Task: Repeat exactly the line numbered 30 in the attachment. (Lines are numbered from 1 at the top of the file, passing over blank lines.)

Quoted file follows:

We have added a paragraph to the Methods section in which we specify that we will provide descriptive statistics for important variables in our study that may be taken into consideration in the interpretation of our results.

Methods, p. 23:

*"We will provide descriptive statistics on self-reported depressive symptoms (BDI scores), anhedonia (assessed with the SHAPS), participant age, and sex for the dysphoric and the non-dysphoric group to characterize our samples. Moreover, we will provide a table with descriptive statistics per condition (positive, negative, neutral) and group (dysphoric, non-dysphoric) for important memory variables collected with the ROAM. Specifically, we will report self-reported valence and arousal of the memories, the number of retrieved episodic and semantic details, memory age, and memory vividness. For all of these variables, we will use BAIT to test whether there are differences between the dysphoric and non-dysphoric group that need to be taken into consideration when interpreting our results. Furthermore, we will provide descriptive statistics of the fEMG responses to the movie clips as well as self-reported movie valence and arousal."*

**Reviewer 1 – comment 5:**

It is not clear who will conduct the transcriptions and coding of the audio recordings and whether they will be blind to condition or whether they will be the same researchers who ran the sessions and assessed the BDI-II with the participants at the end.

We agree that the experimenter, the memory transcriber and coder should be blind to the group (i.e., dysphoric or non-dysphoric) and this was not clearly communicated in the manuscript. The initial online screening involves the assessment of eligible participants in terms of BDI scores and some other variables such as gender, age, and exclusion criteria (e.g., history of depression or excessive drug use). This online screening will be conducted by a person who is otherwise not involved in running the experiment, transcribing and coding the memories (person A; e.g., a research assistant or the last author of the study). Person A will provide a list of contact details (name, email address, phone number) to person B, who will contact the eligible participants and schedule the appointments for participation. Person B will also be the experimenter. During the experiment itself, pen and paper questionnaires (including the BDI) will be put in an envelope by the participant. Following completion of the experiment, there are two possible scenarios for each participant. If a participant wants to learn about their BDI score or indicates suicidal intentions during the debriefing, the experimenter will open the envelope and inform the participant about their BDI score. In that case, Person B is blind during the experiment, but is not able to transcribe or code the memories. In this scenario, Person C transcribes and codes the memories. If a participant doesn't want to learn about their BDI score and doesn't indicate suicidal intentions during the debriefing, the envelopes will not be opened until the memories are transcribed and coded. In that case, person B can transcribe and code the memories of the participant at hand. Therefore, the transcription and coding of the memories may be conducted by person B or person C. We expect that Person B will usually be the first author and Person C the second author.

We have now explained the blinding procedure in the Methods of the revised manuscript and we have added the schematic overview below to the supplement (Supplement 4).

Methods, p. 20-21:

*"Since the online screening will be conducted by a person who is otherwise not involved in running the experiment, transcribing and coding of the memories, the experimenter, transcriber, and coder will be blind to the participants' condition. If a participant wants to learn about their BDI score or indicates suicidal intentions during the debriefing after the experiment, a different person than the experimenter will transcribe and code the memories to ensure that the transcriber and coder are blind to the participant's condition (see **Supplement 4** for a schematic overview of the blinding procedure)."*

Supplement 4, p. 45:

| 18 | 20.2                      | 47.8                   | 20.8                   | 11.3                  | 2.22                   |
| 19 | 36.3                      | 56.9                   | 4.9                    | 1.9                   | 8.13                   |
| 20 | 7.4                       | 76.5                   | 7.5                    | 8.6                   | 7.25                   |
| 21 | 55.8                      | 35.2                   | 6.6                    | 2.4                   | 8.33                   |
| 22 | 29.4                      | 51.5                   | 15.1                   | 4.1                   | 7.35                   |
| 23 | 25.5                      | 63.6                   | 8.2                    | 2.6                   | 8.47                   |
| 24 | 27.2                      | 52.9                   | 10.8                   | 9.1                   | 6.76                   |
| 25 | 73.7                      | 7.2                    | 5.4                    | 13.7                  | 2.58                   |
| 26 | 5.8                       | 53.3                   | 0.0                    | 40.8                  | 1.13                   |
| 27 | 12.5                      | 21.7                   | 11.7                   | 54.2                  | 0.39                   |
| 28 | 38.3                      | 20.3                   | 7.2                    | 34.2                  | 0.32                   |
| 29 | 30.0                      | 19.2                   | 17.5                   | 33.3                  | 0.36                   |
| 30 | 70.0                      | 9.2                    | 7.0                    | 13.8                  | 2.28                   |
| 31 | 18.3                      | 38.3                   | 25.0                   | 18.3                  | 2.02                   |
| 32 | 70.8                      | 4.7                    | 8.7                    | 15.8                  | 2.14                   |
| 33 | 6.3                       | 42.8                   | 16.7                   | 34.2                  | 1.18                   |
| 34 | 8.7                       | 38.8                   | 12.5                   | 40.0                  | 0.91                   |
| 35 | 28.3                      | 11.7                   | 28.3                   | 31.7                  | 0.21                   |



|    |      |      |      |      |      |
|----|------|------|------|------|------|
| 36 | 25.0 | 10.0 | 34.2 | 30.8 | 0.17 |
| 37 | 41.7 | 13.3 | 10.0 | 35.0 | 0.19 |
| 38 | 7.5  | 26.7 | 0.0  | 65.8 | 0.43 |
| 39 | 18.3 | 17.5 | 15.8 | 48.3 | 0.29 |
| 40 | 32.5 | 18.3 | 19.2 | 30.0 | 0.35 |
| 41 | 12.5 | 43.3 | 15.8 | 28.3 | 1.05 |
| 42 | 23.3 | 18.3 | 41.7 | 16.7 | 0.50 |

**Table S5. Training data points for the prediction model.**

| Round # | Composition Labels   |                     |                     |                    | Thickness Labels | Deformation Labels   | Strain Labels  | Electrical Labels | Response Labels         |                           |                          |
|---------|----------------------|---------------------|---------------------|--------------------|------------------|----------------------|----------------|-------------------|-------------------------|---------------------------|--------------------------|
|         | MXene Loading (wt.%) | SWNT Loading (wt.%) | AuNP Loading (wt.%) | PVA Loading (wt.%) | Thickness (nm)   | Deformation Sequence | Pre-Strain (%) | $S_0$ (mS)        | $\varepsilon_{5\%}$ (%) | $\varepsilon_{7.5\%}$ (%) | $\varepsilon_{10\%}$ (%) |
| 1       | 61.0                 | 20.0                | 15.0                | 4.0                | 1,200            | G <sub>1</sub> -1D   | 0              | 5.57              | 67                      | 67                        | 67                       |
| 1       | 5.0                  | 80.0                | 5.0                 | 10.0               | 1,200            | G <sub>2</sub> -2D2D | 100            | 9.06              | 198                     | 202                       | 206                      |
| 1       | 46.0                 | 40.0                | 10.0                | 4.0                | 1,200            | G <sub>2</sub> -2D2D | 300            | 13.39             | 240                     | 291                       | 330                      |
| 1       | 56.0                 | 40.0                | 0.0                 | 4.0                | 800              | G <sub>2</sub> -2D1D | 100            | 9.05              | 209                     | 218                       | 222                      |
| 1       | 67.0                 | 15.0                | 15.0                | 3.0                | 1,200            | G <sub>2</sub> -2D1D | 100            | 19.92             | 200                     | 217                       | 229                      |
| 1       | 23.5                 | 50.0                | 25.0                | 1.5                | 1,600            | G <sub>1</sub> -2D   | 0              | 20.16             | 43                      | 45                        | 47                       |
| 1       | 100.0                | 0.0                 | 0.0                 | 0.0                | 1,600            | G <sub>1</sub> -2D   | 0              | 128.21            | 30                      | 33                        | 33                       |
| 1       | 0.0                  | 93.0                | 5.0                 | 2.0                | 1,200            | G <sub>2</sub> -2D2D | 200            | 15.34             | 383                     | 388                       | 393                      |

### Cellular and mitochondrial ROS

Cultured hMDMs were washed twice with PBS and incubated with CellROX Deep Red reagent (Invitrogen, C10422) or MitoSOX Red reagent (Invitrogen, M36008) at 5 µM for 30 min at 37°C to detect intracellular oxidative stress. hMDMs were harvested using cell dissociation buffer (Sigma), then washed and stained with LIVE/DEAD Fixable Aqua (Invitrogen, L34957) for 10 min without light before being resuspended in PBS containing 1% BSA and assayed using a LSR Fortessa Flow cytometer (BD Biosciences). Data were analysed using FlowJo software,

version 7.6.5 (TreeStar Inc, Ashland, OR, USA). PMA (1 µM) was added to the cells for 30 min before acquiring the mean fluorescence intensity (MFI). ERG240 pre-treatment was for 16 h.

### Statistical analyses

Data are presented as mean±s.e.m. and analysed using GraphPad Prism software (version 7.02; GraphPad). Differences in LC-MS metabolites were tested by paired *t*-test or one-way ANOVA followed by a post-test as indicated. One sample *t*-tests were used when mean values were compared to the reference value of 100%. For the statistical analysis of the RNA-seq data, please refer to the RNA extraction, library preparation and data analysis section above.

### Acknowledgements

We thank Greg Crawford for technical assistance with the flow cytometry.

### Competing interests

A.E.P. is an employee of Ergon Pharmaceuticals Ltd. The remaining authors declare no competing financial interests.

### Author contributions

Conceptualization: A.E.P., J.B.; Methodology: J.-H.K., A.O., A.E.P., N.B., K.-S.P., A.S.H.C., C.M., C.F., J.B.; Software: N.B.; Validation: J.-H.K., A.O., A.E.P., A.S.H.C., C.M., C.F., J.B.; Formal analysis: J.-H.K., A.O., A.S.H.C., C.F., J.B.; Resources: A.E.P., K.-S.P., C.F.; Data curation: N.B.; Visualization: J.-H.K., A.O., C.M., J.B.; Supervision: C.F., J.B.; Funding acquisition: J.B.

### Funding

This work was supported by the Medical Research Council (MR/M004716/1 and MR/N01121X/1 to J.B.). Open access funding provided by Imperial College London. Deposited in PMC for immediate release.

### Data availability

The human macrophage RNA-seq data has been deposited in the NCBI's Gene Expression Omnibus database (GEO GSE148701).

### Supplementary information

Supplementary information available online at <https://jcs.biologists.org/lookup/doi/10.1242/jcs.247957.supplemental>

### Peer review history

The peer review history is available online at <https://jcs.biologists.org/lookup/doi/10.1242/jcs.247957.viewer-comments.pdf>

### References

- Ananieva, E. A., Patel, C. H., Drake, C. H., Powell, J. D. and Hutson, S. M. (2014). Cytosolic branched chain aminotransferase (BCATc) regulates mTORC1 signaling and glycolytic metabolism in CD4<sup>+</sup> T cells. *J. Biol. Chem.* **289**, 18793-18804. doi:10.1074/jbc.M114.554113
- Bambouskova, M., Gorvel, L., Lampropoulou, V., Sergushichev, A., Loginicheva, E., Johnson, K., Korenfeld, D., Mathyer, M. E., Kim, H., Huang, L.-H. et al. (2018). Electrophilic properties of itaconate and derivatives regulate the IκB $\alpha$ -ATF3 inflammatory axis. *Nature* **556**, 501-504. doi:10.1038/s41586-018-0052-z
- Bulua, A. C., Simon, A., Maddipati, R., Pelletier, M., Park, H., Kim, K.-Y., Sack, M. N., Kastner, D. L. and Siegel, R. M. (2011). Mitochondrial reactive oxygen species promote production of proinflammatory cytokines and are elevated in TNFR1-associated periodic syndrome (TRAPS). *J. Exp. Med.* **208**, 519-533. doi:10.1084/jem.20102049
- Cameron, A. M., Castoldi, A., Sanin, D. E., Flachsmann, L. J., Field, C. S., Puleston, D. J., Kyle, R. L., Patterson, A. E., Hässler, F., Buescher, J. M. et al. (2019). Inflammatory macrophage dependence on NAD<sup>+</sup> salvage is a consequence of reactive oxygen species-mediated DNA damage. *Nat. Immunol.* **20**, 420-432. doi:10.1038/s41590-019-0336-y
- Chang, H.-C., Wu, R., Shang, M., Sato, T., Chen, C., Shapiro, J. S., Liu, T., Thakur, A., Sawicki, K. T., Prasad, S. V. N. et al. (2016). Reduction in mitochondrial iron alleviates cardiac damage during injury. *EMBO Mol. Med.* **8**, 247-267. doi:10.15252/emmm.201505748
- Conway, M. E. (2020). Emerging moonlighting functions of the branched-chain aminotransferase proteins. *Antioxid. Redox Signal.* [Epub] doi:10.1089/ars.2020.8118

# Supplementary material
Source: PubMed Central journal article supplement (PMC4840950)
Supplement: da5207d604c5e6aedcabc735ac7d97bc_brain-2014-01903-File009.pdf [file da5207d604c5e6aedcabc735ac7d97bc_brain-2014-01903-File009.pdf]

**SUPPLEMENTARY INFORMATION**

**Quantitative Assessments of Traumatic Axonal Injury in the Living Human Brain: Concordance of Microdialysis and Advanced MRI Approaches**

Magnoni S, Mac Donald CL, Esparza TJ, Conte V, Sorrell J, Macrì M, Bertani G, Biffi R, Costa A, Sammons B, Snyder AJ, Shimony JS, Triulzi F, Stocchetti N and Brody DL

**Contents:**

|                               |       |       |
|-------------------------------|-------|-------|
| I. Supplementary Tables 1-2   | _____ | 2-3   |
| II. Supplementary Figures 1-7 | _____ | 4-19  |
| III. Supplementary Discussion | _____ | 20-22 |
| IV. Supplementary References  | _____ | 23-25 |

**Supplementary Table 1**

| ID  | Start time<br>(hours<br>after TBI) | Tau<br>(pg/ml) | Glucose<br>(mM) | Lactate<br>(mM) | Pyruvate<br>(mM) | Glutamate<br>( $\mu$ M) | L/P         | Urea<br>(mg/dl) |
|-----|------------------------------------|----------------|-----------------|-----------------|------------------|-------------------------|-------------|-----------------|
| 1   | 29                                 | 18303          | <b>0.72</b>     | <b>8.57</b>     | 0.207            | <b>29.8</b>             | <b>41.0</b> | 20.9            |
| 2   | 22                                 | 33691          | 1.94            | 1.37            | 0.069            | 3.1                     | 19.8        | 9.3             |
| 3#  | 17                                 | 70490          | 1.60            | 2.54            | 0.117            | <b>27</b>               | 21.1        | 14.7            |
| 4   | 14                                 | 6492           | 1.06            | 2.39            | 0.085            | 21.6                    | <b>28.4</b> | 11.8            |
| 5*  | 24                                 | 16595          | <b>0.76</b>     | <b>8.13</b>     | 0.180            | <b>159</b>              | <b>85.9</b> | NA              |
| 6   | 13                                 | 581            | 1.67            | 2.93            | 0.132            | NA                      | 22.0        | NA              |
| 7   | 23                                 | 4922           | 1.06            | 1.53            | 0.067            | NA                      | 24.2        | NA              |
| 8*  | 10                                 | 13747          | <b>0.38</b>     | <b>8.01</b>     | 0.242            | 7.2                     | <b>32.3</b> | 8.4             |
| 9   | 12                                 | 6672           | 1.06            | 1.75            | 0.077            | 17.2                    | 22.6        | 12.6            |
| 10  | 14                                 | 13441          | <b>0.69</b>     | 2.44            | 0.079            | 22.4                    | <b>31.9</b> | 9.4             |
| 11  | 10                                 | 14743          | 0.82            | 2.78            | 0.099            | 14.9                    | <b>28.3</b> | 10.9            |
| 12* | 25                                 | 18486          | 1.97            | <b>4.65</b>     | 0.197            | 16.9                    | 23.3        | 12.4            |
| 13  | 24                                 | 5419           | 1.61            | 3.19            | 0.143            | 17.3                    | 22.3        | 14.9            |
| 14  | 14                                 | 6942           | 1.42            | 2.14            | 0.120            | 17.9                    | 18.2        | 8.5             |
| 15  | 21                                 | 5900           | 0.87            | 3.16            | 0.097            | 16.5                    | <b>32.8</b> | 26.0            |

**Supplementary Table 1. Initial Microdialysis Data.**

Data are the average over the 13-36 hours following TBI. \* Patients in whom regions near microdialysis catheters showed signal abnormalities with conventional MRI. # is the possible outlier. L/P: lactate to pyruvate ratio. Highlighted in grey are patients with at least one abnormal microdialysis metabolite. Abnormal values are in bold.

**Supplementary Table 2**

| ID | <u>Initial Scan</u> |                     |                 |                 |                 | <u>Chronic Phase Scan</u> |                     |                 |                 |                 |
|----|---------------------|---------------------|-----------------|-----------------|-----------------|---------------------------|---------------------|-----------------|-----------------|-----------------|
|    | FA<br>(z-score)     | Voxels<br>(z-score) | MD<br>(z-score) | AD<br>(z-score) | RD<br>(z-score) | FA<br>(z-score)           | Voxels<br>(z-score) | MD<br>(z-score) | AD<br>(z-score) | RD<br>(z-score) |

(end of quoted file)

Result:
|----|------|------|------|------|------|